S.A is now Africa’s third largest economy - CNBC Africa

S.A is now Africa’s third largest economy

Southern Africa

by Charlie Robertson, Renaissance Capital 0

An eyeball comparison shows that Nigeria’s currency is overvalued at 200/$ and SA is also far behind Egypt. Photo: Flickr.

(Renaissance Capital) A couple of years ago – I did a summer mash-up comparing continental, country and US state GDP.  I argued that even with a US recession in 2016, still Russia’s GDP would not exceed California’s until 2029.  This is a very preliminary update on how the EM and Frontier worlds stack up against each other and the US after a pretty volatile 18 months in commodity and FX markets.

There are now 22 US states (including Arizona) that in 2014 had a bigger GDP than South Africa does today.  At official exchange rates, Nigeria’s economy is nearly twice the size of South Africa.

We do not have firm dollar GDP estimates for 2015.  What we have done is compare 2014 dollar GDP (from the IMF), with the IMF’s nominal local currency GDP estimates for 2016 divided by today’s exchange rate.  The two obvious problems with this is that 2016 local currency GDP estimates will change and that exchange rates will change.  This is very far from perfect.  To take one example, using this methodology, we reckon the Russia numbers are 20% below Oleg Kouzmin’s most recent estimate for 2016 GDP.  This methodology overstates Nigeria’s GDP by 10% relative to the Nigerian government’s estimate for 2016 GDP. 

But it shows that in 2014 – MSCI EM GDP was $25.8 trillion and in 2016 it could be $24.6 trillion.  Not as big a fall as I’d have expected.   World GDP for reference is around $76 trillion in 2016.  So EM is about 1/3.  In actual cash.  And it is actual cash not PPP dollars that buys you a barrel of oil or an imported BMW (an old petrol engine VW in my case). 

Over two years – China is still up a lot, as is India.  Russia and Brazil have taken a beating.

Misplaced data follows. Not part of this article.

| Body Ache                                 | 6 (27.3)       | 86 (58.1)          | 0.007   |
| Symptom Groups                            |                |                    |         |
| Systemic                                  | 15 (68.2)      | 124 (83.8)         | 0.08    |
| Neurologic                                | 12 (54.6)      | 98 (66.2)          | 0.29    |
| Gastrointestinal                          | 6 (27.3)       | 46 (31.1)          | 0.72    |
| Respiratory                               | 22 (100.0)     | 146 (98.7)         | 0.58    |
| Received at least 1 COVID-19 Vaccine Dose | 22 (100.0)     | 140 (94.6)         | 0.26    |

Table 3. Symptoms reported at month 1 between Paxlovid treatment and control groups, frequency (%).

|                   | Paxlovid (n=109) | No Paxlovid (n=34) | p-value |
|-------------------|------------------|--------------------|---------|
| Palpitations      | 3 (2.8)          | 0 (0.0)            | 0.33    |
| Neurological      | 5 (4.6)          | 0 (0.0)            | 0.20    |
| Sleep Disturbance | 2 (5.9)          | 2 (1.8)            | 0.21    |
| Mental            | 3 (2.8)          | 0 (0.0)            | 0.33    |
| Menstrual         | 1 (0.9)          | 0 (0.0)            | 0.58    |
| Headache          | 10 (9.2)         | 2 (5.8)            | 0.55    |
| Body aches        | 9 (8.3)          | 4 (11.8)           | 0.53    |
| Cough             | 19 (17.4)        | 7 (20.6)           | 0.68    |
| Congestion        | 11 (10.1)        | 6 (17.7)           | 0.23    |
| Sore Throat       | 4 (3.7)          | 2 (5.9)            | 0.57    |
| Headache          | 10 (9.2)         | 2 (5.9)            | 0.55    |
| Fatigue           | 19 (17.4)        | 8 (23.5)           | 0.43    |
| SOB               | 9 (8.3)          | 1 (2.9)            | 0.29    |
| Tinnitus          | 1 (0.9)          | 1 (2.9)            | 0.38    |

Graph 1

Source: IMF, Bloomberg, Renaissance Capital

Below we compare 2016 GDP figures against a very crude estimate of US state GDP (for US states, we’re assuming just 4% nominal growth from 2014 figures released by the BEA). 

Brazil was 15% bigger than India in 2014 but at today’s exchange rate, it may be just 2/3 the size of India.  Note the MSCI weight for Brazil at 6% is also smaller than the 8% weight for India. 

Russia was 20% smaller than California in 2014, but is 43% smaller in 2016, and indeed is smaller than New York state.  For this calculation we’re using RenCap’s own estimate of GDP – which is quite different from the $1.1 trillion derived by the methodology described above. I trust Oleg Kouzmin’s methodology. 

Egypt is much bigger than South Africa – using today’s spot rate – but 6% smaller if we use our REER implied fair value of EGP10.5/$.

Nigeria (see next section) is now double the size of the SA economy – if we use the official NGN rate.   

 Graph 2

Source: IMF, Bloomberg, Renaissance Capital, BEA

The change in frontier markets is positive for some of the top picks of FM investors.  It is Kazakhstan that is hit most – followed by Argentina that had a currency valuation in 2014 that no-one believed in.  We include Saudi because it is a large off-index exposure for most FM funds.  

 Graph 3

Source: IMF, Bloomberg, Renaissance Capital

If we look at the spot rates – we see that Nigeria officially may have an economy that is $515bn.  This is the second country we have used a different methodology for.  The shaky methodology gives a figure of $564bn.  We are instead taking the Nigerian 2016 budget estimate for GDP (NGN102 trillion) at NGN198/$.  Still this is nearly double the size of the SA economy.  It also suggests that Nigeria’s economy is bigger than Taiwan or Poland.  

If instead we use NGN300/$ (close to the unofficial currency rate), we come up with a figure of $376bn.  That brings it closer to (but still 30% above) Pakistan – which has more people, a larger manufacturing sector, and three times the electricity per capita. 

Overall FM GDP (excluding Saudi Arabia) has shrunk from $3.1 trillion to $2.9 trillion, using the official exchange rates.  Again, not too much. 

CONCLUSION: An eyeball comparison shows that Nigeria’s currency is overvalued at 200/$ (especially if we compare to Pakistan, let alone SA).  SA is also far behind Egypt, based on the official EGP and spot ZAR rates.  In the long-run, those who’ve been hit most, from Russia to Brazil to SA to Kazakhstan do look pretty cheap.    

 Graph 4

Source: IMF, Bloomberg, Renaissance Capital

 Graph 5

Source: BEA

*This article was written by Charlie Robertson, Global Chief Economist at  Renaissance Capital